I’m working on my weekly InfoWorld column (this one will run in print and online on March 8) and I’m referencing an essay from Frederick Brooks (of “Mythical Man-Month” fame) entitled “No Silver Bullet: Essence and Accidents of Software Engineering.”
You just have to read this. I’ve read it many times before and referenced it in a column on web services two years ago, but the essay continues to amaze me. Although it was written eighteen years ago, the content still rings true. Just a sample:
The essence of a software entity is a construct of interlocking concepts: data sets, relationships among data items, algorithms, and invocations of functions. This essence is abstract in that such a conceptual construct is the same under many different representations. It is nonetheless highly precise and richly detailed.
I believe the hard part of building software to be the specification, design, and testing of this conceptual construct, not the labor of representing it and testing the fidelity of the representation. We still make syntax errors, to be sure; but they are fuzz compared with the conceptual errors in most systems.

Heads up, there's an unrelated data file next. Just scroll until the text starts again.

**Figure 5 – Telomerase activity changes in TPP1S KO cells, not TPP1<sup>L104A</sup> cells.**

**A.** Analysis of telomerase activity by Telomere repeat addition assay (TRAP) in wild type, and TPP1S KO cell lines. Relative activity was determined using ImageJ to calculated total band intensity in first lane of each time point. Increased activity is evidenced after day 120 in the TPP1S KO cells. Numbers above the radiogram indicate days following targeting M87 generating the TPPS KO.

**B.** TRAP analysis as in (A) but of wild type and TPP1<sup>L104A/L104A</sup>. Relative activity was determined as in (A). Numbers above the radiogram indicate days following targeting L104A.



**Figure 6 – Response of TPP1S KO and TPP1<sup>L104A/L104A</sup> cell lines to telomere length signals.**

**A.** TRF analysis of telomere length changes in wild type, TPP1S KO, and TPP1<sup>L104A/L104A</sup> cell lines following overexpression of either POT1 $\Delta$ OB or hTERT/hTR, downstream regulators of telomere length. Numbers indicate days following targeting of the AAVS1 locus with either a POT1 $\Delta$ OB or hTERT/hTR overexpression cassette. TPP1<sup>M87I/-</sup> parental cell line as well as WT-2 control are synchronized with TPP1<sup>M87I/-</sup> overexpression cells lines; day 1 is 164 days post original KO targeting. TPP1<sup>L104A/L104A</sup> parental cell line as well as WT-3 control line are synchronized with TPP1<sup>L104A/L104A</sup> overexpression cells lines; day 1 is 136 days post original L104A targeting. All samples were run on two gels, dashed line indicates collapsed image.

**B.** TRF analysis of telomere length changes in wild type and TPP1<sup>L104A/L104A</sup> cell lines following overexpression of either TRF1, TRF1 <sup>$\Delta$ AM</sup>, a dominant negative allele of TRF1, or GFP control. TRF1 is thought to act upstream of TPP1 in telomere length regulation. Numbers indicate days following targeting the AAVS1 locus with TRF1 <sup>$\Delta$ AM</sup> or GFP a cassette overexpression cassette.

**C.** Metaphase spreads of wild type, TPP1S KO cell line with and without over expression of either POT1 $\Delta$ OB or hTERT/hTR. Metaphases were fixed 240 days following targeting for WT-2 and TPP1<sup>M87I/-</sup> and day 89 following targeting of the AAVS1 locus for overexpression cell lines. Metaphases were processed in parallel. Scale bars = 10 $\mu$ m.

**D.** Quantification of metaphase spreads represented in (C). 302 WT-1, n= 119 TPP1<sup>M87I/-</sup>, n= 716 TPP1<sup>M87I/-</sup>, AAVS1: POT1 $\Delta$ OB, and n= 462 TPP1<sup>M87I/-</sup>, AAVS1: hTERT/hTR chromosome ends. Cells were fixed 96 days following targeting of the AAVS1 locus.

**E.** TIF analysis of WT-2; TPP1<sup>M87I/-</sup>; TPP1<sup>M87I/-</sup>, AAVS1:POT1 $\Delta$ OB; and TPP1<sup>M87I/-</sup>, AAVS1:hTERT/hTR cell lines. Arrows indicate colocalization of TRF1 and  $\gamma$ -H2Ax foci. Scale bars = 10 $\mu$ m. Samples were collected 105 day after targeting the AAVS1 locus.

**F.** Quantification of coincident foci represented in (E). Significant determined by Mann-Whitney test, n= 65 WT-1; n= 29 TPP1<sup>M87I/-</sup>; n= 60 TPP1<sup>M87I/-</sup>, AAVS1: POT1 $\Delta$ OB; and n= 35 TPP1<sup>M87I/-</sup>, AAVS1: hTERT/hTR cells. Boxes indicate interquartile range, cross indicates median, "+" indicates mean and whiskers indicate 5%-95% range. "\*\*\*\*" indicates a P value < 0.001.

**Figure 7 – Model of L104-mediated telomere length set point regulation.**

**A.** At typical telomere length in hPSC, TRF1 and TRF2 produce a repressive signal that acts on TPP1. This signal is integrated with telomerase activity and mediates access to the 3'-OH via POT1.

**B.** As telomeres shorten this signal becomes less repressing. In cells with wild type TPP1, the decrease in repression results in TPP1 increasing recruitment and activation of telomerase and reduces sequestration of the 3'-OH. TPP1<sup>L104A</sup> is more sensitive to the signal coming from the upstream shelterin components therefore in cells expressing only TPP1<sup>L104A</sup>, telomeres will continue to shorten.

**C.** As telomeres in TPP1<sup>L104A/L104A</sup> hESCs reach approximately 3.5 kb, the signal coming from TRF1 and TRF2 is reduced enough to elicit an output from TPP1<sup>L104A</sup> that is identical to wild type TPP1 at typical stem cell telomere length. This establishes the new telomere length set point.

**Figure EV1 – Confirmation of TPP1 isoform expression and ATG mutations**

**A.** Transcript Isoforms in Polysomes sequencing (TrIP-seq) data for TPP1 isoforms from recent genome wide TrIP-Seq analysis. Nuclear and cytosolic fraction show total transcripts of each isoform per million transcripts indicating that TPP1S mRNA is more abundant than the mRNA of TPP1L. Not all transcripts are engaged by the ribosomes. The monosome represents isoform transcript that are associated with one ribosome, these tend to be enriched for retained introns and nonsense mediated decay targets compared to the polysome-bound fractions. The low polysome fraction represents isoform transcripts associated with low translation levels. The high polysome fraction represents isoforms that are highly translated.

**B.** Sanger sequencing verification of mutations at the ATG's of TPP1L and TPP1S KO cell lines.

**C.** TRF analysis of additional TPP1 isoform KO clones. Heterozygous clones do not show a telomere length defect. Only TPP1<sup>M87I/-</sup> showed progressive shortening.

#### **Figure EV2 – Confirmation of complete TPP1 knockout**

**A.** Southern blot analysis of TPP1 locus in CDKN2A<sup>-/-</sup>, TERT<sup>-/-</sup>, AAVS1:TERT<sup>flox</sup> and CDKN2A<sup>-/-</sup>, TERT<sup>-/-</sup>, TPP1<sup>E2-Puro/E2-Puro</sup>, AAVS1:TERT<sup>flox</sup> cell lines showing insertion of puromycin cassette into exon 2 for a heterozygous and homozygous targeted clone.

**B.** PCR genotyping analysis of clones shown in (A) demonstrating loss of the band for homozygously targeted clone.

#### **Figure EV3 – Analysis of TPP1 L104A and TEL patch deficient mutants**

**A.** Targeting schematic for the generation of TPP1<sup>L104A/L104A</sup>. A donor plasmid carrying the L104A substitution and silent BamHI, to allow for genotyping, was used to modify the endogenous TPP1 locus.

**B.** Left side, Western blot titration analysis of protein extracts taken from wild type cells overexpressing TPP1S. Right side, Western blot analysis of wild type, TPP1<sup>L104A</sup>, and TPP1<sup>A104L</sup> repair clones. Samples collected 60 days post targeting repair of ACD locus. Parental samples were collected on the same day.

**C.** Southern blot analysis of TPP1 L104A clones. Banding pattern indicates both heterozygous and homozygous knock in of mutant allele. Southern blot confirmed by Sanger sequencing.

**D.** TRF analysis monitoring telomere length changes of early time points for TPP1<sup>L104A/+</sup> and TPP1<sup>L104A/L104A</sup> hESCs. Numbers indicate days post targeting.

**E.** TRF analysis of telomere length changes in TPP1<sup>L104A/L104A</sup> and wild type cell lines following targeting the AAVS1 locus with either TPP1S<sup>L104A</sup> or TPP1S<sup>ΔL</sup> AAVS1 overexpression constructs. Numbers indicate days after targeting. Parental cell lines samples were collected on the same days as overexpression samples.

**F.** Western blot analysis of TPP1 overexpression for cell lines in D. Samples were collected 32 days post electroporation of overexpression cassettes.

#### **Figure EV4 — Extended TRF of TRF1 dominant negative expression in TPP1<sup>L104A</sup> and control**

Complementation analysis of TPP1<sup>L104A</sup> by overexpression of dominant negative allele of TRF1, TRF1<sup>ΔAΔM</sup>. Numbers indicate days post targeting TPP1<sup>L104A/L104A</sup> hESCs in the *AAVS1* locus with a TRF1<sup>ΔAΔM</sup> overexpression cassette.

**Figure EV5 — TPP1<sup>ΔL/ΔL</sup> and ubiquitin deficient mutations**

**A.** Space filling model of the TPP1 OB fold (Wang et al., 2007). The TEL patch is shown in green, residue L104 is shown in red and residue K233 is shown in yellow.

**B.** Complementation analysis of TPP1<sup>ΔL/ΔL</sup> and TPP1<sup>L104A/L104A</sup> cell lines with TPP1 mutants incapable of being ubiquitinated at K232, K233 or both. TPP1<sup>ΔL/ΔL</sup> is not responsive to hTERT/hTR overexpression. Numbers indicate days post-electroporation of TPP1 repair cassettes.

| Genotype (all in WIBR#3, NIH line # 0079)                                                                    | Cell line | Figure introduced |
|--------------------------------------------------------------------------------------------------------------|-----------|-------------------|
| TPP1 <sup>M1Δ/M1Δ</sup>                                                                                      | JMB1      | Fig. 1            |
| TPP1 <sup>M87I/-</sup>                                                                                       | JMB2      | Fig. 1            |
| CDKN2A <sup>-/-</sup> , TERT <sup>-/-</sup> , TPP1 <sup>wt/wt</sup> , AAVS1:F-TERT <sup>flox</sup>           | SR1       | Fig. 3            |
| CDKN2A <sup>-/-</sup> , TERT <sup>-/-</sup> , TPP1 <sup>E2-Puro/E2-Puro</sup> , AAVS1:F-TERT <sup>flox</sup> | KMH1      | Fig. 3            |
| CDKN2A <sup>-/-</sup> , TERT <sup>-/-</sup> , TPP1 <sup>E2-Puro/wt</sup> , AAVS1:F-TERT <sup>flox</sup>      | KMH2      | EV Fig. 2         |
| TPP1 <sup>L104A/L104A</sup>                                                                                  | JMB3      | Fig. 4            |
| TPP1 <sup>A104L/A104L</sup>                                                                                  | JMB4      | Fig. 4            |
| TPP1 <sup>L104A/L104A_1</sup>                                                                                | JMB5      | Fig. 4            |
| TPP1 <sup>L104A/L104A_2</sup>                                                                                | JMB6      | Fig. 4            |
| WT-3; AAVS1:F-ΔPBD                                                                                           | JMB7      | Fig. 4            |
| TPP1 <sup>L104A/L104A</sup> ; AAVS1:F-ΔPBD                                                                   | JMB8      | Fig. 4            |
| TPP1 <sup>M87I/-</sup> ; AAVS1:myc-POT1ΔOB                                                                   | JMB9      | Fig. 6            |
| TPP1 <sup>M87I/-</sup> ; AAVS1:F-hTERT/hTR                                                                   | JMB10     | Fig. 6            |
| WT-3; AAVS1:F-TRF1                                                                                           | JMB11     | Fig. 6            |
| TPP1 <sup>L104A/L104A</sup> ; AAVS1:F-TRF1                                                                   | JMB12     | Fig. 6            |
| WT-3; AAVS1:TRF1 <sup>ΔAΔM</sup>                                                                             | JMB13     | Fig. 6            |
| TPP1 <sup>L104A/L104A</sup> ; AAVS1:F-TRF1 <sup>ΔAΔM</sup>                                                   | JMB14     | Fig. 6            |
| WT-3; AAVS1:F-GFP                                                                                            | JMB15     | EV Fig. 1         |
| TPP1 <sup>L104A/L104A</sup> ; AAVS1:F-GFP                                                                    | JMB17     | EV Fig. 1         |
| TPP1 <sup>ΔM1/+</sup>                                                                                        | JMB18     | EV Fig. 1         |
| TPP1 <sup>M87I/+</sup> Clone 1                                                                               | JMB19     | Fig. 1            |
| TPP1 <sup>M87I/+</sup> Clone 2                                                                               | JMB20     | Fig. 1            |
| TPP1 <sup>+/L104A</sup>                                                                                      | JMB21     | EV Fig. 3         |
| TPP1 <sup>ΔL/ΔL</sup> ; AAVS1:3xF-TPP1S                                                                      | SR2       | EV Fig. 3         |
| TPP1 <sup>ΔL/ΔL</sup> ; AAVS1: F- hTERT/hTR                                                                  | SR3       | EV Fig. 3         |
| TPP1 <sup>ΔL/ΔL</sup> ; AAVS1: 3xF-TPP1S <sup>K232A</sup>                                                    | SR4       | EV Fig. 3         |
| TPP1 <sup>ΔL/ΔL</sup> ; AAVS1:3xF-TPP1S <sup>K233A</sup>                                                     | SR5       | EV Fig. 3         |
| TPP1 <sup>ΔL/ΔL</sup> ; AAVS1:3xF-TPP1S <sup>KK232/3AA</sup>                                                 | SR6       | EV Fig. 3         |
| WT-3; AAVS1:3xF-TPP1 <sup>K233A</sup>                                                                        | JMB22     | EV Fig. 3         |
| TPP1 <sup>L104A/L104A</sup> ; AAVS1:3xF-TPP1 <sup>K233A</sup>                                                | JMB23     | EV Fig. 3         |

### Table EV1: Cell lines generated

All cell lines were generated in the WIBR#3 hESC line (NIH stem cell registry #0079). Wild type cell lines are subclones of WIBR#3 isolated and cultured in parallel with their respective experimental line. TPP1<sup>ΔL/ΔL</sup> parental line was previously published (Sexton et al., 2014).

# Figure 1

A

If this is true, building software will always be hard. There is inherently no silver bullet.
Amen. Be sure to read the rest.
A nice reminder from Chad about what is, indeed, one of the best essays on why software is so hard. While it might be a little bit of a stretch for your average knowledge worker who isn’t a software engineer, it’s a worthwhile stretch.
I often think of software engineers and programmers as one of the earliest examples fo modern knowledge workers. You could do worse than to spend some time thinking about how to benefit from what software developers have learned about doing and managing knowledge work. This article from Brooks is one excellent starting point.